An application was made to the Diocesan Advisory Committee in May 2012 for a Certificate of Recommendation for the installation of the cafe. There was already a servery at the west end of the south aisle, but it was clear that it wouldn't be up to the task and so it was removed to make way for a larger replacement with a section of raised floor in front (which provides space for the service runs, preventing the need for any excavation) and a espresso bar set at an angle to it. The church was lucky enough already to have a large, unencumbered space at the west end of the nave and this has been used for the seating – a mixture of small tables seating two, refectory-style tables and benches and sofas. Stands have been put up either side of the west door for selling greetings cards, postcards and a range of literature related to Moot's activities. There is also an area for private prayer. Luckily, the church already had toilets, which were installed a few years back in the base of the southwest tower. The cafe is run by a mixture of paid staff and volunteers.
All the hard furnishings are bespoke and were designed by David Harris in co-operation with the church's inspecting architect, Margaret Davies of MRDA. The architect was keen to avoid using historicist detailing to make the new additions contextual; instead the intention was that the shade of the timber panelling would harmonise with the existing furnishings and panelling dating from reorderings of 1876 and 1886, while the white-painted steelwork picks up the surrounding walls and pillars rather effectively. All the alterations are completely reversible. Generous support for the capital works was provided by the Mercers' Company.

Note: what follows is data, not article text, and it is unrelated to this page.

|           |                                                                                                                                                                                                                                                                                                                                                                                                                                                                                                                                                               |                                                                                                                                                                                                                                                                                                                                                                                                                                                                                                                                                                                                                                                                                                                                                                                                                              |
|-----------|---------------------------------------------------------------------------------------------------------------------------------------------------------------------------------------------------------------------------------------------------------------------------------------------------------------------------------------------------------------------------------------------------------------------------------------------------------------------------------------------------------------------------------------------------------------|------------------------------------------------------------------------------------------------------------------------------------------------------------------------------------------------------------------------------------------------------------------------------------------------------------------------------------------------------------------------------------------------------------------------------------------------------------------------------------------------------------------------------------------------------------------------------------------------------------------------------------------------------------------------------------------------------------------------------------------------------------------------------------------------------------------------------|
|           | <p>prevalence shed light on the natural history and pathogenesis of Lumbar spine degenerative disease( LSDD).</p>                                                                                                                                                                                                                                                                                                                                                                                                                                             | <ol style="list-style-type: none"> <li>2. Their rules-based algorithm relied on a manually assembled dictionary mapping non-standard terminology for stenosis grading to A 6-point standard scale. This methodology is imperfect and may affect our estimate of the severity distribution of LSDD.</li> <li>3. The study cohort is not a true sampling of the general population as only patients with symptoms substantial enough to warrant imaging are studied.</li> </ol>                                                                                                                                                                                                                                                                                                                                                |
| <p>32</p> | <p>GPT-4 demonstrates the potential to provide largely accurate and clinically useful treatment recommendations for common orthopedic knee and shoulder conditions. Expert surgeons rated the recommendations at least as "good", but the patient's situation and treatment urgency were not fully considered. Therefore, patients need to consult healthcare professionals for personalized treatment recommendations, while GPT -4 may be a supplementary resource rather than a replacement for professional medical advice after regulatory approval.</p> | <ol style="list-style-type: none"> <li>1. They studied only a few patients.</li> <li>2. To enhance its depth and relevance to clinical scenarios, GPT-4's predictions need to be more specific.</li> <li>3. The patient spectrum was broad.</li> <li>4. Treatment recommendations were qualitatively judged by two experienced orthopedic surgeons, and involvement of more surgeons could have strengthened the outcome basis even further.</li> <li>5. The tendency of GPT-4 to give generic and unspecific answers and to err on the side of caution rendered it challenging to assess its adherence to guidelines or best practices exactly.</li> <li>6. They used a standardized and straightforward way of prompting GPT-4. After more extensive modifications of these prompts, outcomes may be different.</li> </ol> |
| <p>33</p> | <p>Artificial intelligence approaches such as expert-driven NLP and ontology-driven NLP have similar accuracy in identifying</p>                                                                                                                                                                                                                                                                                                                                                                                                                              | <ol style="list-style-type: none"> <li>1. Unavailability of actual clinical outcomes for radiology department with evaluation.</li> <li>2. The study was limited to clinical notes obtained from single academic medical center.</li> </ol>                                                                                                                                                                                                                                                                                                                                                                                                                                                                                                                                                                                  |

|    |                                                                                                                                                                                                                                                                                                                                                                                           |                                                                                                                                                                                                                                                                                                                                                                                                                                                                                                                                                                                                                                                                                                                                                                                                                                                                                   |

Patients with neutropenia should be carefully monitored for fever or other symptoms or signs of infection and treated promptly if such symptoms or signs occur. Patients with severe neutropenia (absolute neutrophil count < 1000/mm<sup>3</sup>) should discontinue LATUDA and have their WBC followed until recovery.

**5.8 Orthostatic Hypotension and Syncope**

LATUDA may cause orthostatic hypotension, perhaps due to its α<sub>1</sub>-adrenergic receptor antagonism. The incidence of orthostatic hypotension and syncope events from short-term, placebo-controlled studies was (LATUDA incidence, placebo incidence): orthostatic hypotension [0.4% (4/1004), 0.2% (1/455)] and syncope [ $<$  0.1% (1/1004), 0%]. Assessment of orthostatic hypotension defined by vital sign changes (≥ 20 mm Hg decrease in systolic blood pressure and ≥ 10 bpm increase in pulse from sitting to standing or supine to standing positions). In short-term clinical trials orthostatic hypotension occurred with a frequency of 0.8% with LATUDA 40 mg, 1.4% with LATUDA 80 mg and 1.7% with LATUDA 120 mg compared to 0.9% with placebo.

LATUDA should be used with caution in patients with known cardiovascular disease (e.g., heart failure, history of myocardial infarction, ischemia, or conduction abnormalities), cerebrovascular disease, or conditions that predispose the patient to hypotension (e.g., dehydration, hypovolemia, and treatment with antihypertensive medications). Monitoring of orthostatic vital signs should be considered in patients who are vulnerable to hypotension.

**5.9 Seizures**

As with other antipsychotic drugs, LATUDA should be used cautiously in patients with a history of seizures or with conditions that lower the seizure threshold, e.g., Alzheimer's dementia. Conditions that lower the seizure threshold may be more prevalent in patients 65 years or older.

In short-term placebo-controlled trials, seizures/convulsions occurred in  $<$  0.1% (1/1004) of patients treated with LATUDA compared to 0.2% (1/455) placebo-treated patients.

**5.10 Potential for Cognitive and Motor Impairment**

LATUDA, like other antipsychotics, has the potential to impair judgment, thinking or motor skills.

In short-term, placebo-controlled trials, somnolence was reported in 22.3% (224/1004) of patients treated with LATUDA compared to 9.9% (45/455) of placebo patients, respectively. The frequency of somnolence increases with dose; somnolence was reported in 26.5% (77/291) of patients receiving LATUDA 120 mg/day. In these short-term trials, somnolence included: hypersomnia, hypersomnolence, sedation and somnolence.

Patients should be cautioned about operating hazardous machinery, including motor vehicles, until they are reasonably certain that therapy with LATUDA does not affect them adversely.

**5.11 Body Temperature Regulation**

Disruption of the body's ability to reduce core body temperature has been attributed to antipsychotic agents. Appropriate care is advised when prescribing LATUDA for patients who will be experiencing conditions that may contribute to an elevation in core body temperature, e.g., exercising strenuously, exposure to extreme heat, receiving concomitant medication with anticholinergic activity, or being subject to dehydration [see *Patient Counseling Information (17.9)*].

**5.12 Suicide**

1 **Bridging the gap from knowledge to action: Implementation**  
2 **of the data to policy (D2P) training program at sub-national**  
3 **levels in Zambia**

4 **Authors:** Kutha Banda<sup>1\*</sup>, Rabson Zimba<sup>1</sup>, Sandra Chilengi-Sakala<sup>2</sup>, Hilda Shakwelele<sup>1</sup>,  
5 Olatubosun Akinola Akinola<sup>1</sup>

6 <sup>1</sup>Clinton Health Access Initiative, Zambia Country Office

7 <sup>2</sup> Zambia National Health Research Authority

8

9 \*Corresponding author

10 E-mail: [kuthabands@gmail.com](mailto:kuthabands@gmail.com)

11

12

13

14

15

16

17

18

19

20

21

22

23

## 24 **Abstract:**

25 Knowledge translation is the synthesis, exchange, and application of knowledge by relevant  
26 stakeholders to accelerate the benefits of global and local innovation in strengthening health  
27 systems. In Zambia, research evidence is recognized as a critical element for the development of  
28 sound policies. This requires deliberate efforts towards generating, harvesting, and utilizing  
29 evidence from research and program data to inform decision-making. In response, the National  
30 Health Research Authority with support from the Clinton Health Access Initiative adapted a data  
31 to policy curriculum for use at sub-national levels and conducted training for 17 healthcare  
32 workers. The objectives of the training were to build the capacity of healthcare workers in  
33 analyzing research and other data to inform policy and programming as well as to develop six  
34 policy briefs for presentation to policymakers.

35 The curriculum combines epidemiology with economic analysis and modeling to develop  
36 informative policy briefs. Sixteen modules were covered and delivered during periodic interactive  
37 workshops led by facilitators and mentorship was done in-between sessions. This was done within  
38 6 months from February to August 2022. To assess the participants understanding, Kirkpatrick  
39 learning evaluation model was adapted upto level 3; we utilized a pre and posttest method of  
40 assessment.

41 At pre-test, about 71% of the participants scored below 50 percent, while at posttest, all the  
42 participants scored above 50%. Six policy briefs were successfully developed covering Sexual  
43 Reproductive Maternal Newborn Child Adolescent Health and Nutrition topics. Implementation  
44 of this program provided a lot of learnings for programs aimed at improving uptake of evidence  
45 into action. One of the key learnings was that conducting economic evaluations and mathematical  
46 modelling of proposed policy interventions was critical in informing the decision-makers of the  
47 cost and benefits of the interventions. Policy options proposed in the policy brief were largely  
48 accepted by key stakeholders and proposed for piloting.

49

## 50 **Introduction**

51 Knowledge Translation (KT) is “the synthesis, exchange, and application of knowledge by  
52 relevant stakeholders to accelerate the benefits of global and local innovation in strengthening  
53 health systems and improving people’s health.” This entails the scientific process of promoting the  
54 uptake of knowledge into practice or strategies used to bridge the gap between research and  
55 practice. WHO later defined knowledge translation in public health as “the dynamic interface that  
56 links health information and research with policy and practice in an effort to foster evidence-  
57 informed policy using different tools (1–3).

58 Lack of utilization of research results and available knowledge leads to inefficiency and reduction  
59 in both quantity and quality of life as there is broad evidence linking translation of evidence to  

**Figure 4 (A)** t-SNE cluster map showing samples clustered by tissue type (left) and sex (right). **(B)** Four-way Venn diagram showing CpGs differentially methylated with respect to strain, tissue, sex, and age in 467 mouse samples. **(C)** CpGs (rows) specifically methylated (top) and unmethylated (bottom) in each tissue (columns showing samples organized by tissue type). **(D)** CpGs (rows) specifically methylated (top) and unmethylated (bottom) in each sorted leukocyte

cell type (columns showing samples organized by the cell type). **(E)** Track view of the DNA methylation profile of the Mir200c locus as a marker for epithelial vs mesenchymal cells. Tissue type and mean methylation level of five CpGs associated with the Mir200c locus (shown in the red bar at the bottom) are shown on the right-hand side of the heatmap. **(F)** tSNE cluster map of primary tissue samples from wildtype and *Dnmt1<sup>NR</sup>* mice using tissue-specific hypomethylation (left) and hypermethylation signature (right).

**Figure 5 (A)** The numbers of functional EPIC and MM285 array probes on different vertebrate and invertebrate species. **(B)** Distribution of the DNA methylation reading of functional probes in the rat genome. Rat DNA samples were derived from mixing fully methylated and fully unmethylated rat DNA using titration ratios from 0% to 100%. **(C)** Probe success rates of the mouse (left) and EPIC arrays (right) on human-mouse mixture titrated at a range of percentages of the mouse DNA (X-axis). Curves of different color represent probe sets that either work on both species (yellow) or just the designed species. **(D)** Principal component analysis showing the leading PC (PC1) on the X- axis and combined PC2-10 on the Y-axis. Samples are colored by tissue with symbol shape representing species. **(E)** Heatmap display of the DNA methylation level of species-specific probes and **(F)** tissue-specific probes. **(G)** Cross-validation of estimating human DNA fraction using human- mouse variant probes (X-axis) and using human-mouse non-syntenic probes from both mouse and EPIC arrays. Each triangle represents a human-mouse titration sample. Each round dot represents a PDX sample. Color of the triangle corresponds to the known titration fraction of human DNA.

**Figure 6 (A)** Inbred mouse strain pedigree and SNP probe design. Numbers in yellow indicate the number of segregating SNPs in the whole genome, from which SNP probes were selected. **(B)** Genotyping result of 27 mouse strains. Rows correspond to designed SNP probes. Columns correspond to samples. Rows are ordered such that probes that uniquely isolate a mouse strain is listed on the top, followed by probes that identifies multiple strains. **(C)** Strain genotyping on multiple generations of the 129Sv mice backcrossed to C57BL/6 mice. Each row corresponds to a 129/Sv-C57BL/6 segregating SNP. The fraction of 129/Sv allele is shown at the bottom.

The work isn't quite complete as Moot would like to install glass doors in the splendid baroque doorcase, one of the last surviving bits of the Wren church of St Antholin, Watling Street, which stood nearby until its demolition in 1875. When you stand in the church at lunchtime you can see visitors wander up to the doors, peer through and then walk away again, unsure whether they're really allowed in. It's hoped that minimising visual barriers between the interior and exterior will help to overcome that. Moot would also like to bring back into use the north doors opening onto Watling Street.
Host has now been up and running for five months and has been a success. Moot has produced some short videos of users explaining what it is that they like about the cafe and you can view one of them here. Quite a lot of regulars cite great coffee as the main reason they keep coming back. Nothing wrong with that – no matter how worthy the extra-commercial intentions, any cafe has to be able to beat its counterparts at their core business. But Host has also successfully helped to achieve wider aims. A pilot catechetical group run in conjunction with it has resulted in one baptism of an unchurched person and five confirmations of dechurched people. And that's just one of a whole range of activities that go on in the building.